Questions about the rail plan review
RAY BROOK – A number of people involved in the rail-versus-trail debate in the Remsen-Lake Placid travel corridor are expressing concern about the process.
When the state announced in June that its departments of Environmental Conservation and Transportation would review the unit management plan governing the corridor, which currently houses the controversial Adirondack Scenic Railroad, many believed it meant the state was beginning a full unit management plan review process.
Adirondack Recreational Trail Advocates, an advocacy group pushing to remove the railroad tracks and install a multi-use recreational trail there instead, even held a party in July to celebrate the UMP opening.
So many were surprised to learn, when the state started holding public meetings on the topic last week, that the meetings are only “listening sessions” to decide whether to open the corridor’s plan, not hearings to gather comments to help put together a revised one.
Several people in Old Forge and Ray Brook said they were surprised when they heard that the meetings were not the start of the official UMP revision process, but rather a step to decide whether to revise it at all.
ARTA board President Joe Mercurio said he didn’t know that until he ran into an Enterprise reporter Monday, after the Old Forge meeting. He said his group respects the process and won’t really change the way it goes about participating in it.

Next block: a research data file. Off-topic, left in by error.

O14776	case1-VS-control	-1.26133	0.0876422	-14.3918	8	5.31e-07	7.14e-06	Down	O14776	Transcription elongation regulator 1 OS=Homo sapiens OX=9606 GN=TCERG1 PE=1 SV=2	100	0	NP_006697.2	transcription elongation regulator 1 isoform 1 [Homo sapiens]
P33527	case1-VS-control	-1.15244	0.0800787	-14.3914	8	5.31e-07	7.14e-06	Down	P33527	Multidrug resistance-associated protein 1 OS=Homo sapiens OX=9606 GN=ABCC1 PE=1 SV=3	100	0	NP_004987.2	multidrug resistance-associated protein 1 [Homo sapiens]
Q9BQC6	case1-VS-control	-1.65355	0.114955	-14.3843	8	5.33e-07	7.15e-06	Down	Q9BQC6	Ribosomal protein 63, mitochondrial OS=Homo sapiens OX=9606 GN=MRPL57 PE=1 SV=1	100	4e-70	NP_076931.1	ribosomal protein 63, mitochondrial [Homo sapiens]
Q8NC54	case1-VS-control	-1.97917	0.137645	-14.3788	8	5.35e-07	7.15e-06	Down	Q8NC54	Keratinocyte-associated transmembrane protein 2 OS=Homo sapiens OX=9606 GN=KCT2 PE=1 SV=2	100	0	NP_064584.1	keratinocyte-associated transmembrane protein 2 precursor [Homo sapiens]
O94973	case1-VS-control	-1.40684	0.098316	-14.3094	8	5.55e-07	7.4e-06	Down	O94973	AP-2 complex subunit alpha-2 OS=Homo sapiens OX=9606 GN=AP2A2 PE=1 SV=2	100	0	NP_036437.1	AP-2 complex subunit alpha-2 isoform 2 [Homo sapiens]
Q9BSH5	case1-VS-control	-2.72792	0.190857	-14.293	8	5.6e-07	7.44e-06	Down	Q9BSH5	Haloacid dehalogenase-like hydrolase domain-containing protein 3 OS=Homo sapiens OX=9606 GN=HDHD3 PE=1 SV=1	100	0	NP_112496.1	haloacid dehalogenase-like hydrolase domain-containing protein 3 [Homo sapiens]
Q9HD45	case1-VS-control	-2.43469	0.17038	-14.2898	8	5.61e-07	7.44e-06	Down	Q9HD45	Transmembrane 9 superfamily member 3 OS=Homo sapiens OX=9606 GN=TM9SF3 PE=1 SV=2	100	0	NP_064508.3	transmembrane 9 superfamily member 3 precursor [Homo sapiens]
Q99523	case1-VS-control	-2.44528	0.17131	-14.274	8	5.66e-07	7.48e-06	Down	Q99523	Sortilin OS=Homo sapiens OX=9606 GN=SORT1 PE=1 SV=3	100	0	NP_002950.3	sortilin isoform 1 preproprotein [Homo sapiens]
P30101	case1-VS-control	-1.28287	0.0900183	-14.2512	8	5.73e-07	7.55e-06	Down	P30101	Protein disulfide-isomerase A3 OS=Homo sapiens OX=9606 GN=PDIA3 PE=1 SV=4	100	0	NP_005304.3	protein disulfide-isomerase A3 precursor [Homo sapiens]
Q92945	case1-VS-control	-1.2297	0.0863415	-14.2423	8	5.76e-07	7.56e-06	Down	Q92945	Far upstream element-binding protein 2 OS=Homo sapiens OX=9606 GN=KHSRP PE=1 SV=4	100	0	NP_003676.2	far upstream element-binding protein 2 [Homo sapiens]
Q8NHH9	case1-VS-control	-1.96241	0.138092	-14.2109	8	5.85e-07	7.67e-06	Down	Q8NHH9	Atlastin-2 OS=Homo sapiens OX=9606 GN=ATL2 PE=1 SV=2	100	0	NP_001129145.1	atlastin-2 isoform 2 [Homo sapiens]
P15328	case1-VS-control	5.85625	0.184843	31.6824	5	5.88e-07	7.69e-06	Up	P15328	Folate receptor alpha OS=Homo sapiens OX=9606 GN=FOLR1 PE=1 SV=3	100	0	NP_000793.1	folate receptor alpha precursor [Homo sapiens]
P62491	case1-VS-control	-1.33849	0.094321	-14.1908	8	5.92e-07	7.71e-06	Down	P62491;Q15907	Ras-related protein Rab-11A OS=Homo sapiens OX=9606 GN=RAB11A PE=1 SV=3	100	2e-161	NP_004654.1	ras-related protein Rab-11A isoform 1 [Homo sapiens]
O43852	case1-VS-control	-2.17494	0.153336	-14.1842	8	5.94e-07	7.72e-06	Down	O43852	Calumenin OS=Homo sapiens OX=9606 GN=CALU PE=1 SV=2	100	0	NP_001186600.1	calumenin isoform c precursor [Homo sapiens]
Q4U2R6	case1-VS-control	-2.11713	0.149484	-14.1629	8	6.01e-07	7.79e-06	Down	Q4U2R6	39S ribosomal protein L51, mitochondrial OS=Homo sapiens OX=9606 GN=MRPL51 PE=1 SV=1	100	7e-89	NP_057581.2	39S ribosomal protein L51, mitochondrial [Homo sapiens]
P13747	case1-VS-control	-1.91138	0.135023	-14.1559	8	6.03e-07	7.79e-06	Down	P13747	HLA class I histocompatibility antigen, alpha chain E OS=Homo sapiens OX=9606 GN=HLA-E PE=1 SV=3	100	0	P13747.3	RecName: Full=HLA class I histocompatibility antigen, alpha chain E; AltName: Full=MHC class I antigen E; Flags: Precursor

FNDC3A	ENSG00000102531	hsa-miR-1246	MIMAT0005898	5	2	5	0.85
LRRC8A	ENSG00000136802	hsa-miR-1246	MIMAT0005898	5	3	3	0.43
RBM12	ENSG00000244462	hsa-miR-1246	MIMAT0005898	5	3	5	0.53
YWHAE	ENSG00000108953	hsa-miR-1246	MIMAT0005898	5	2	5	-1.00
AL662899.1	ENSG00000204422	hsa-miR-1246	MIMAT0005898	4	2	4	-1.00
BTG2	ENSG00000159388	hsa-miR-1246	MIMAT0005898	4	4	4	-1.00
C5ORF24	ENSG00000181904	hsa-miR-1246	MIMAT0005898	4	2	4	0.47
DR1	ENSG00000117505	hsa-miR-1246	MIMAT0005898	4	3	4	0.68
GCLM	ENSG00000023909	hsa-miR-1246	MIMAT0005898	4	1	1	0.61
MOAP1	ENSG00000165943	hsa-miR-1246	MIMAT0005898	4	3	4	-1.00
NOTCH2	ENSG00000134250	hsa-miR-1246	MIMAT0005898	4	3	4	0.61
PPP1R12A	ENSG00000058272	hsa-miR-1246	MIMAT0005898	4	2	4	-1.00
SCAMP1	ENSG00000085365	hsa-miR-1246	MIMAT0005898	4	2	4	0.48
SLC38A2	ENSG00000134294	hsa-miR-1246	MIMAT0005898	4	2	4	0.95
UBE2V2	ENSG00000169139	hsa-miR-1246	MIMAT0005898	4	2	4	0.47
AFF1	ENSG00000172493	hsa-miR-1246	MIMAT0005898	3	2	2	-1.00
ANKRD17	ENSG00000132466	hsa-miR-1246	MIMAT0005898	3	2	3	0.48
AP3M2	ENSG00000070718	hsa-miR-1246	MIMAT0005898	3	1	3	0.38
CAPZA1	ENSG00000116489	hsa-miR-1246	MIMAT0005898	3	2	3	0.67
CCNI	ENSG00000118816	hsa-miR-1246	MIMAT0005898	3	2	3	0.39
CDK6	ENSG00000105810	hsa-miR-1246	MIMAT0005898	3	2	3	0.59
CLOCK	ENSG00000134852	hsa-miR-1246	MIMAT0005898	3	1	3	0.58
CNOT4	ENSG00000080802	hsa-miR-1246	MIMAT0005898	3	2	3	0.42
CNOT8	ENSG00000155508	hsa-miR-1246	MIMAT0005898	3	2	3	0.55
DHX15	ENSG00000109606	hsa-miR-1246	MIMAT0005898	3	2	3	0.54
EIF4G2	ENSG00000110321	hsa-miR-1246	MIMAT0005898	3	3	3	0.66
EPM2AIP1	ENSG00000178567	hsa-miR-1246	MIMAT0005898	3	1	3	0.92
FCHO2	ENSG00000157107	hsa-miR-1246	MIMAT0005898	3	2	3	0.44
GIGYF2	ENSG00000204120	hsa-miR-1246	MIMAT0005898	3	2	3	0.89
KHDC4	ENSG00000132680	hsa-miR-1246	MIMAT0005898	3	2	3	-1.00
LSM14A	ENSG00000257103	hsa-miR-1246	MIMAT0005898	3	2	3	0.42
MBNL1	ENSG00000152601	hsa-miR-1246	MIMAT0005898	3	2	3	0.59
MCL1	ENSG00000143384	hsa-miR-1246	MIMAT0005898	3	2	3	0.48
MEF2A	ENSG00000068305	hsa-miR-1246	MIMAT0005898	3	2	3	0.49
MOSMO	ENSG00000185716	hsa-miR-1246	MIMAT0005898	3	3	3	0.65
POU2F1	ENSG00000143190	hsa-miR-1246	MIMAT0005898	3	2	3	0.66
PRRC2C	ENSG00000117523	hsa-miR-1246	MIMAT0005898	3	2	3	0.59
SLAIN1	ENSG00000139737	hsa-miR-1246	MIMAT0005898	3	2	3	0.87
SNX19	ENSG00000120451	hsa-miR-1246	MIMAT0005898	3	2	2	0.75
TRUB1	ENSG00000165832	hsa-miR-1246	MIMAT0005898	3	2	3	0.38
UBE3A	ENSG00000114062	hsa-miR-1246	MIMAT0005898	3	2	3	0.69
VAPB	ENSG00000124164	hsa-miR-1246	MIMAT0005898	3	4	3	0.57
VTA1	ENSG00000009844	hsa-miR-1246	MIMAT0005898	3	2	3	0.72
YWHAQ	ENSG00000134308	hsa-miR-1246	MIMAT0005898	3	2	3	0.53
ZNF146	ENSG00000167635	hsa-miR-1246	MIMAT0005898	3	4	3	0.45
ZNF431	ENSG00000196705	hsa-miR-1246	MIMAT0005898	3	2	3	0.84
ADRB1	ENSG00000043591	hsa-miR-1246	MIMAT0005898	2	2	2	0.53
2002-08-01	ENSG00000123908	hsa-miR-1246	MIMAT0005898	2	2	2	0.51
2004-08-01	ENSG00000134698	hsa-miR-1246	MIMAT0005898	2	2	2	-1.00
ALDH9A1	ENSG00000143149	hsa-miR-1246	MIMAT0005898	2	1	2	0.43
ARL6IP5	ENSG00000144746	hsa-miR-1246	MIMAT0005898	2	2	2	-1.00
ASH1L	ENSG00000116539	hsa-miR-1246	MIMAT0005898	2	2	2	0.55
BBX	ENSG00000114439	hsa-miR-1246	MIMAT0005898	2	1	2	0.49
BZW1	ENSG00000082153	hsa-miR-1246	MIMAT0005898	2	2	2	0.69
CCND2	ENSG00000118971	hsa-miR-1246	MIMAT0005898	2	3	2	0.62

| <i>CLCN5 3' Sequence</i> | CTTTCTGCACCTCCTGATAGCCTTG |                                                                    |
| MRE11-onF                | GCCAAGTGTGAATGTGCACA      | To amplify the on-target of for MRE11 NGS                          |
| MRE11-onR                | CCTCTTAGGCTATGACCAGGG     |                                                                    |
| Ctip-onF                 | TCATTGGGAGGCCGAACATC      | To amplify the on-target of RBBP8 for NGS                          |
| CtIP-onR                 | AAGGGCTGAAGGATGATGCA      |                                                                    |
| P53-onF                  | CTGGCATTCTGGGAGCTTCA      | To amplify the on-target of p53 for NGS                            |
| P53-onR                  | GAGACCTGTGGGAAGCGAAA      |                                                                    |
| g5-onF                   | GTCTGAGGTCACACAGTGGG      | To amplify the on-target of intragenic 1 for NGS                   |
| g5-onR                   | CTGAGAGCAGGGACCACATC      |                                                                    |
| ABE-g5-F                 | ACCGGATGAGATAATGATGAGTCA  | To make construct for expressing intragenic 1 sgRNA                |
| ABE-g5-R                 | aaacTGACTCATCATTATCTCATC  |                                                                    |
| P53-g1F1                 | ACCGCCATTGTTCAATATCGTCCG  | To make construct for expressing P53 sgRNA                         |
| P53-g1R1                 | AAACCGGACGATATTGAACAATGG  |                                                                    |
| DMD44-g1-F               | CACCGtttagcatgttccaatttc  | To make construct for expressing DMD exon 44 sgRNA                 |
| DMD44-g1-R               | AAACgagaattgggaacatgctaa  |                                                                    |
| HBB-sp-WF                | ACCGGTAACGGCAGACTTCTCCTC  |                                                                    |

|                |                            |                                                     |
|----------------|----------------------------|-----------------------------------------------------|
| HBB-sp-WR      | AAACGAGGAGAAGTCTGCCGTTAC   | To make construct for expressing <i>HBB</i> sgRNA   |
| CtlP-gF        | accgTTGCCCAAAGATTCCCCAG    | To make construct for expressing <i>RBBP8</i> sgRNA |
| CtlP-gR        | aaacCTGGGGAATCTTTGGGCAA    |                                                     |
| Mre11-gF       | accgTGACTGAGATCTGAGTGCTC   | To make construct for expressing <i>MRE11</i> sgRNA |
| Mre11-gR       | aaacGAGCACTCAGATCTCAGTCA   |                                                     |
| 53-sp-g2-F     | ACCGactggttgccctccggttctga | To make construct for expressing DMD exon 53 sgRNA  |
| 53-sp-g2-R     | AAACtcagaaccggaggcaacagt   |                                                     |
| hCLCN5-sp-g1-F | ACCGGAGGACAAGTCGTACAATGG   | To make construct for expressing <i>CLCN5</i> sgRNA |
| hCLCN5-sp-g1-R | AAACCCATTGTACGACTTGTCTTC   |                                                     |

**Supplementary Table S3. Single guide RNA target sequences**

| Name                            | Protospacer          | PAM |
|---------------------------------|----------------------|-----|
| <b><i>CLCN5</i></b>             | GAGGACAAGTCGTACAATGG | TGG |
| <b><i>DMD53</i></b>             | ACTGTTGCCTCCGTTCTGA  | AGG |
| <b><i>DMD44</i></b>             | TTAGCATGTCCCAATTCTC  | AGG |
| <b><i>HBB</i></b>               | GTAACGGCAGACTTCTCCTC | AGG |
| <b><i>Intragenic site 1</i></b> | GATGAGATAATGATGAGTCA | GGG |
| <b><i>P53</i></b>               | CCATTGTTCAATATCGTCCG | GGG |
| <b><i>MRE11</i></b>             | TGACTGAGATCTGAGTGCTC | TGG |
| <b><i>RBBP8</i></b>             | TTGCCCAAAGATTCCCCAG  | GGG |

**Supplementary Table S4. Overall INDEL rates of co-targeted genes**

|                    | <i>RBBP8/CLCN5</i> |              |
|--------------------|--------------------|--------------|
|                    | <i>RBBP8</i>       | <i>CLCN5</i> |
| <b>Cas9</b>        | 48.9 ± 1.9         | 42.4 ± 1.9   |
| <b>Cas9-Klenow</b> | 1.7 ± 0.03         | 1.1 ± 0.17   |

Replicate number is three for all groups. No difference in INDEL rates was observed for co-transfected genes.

If the state decides not to do a full review of the UMP, Mercurio said he would honor that. ARTA has held throughout their entire advocacy campaign that if the state decides to keep the railroad in the corridor, the group would honor that decision.
But then Mercurio spent some time talking with fellow trail advocates, and he told the Enterprise he’s hearing a different story from them.
“It turns out, if the state after these listening sessions decides not to open the hearings, there’ll be a firestorm,” Mercurio told the Enterprise. “I won’t have to say a thing. But people out there are going to raise hell, because of a lot of them are as surprised as I was these are just listening sessions, and if that’s as far as it goes, they’re not going to be quiet.”
He said many came to the meeting Tuesday expecting a formal hearing on the UMP.
“They can’t believe this is all there is right now,” Mercurio said.
Not everyone was surprised, though. Wayne Tucker, a board member for the Adirondack Rail Preservation Society, told the Enterprise he wasn’t. From the beginning in June, he understood the current plan would be reviewed, not necessarily revised. He even wrote a letter to the editor published in the Enterprise correcting an editorial to say as much.
Tucker said he believes the review will be enough, and the state will decide not to revise the UMP.
“Naturally, I think our argument is stronger,” Tucker said.
Ray Hessinger, director of the DOT’s Freight and Passenger Rail Bureau, agreed that there may have been some confusion over the review.
“Certainly, the way the press release ended up being worded might have given the wrong impression,” Hessinger told the Enterprise.
The listening sessions were scheduled quickly, and ARTA members said they sped up their preparation process to be ready for them.
The press release issued June 6 by the DOT laid out a specific process.